• Secured lending like mortgages / SME term loans are not the sweet spot of most digital banks across the world due to very tight pricing, underlying documentation, affluent customer profile, and relatively low focus on ‘instant’ approval. Digital banks typically attract deposits at a much higher cost of funds vs traditional banks especially for longer tenor for ex. Judo bank in Australia is raising 5-year term deposits at 1.6% versus 0.3% for the big four banks making it really difficult for digital banks to compete on pricing to attract sufficient customer base.
  • Unsecured lending for both retail and SMEs is an uphill task especially in an affluent and overbanked society like Singapore. We have discussed this in more detail below.

2)  Restrictions around doing business like credit limits / solicitation of customers

Singapore median income in 2020 was SGD 4,534 for 2020 and digital banks cannot extend unsecured loans of more than 2x their monthly income (vs. 4x for traditional banks) in initial phase.  This effectively restricts the total unsecured cash loan, which is one of the most touted products of most digital banks across the world, to roughly SGD 9,000 per customer. If we need to deploy SGD 4 – 5 bn by the fifth year, we need to find roughly half a million borrowers in Singapore. By comparison DBS, which banks 5 mn customers in Singapore, has a total outstanding unsecured consumer loan book of SGD 5 bn in 2020[1] which is 1% of its total loan book.

Additionally, there is restriction around not soliciting customers which are not already known to the shareholders. While, this might not pose a serious problem for consumer-focused groups like Grab, NTUC and Sea but still some, especially affluent, customers may find it irksome to not be able to instantly sign up.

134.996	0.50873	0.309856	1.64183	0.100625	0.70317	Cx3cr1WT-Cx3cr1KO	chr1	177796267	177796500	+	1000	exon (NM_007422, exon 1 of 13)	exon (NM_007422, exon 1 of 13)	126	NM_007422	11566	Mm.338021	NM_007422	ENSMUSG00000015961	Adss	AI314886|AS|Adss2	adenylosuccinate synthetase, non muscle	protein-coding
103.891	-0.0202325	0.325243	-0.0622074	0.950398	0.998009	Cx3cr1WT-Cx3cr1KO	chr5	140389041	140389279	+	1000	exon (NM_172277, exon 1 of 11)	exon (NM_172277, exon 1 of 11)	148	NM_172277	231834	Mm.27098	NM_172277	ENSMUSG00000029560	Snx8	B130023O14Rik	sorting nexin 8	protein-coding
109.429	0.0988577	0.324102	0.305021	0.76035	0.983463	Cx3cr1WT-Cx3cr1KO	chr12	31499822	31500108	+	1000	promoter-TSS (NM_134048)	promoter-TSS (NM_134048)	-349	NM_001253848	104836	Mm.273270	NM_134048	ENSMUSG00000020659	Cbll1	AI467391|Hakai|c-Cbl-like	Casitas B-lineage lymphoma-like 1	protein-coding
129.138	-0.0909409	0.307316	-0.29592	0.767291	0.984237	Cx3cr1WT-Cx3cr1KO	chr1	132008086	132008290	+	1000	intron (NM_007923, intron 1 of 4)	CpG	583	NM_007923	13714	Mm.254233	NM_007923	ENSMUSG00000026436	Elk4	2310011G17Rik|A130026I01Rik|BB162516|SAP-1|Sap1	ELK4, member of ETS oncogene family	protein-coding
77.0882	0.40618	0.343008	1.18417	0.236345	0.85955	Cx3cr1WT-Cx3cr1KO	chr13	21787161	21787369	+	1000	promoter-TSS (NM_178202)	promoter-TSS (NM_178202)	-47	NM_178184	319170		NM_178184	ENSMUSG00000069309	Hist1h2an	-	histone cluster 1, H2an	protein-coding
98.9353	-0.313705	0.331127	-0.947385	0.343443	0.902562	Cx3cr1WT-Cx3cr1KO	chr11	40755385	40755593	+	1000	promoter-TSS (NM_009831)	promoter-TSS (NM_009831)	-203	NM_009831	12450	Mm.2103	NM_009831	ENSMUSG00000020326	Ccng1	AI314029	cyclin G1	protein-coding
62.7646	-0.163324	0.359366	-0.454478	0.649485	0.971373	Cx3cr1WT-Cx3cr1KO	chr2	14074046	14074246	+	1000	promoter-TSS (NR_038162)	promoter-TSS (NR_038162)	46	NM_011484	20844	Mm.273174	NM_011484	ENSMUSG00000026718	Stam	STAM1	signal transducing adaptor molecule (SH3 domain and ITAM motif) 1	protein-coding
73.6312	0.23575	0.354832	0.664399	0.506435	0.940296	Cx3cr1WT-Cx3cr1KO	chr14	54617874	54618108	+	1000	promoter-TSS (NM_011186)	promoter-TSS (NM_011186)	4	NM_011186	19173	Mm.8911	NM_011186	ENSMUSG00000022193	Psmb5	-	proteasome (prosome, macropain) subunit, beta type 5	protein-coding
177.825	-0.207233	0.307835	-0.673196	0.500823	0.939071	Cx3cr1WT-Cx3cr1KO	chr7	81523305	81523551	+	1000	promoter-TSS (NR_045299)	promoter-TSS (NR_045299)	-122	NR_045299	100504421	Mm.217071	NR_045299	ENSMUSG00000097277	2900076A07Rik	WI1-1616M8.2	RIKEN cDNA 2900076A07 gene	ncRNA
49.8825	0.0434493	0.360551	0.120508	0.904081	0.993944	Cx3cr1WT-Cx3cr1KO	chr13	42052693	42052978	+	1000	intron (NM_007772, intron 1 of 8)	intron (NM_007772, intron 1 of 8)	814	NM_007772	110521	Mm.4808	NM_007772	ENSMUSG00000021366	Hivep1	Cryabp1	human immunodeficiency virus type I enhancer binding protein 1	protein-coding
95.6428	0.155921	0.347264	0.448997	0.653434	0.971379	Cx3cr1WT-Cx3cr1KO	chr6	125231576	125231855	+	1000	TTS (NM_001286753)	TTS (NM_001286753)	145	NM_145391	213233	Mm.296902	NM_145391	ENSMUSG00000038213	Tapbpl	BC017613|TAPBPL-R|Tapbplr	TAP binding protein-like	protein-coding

3) Restrictions around physical presence

A digital bank can have only one physical presence with no ATMs or CDMs (Cash Deposit Machines). This means that the bank would have only one place of operation and that office must contain the head office, any document collection/ processing back office, and any customer service centre or branch. So why is it important to have more physical presence?

Because still certain aspects of banking require physical presence, for example

  • Access to cash:While I appreciate that we are heading towards a digital world, approximately half of total payments  by volume in Singapore in 2020 were cash[2] (this is post Covid) and cash is expected to constitute roughly 1/3rd of the total transactions even in 2025. Hence, customers would need at least one more bank account to get access to cash potentially relegating digital banks to a secondary bank status.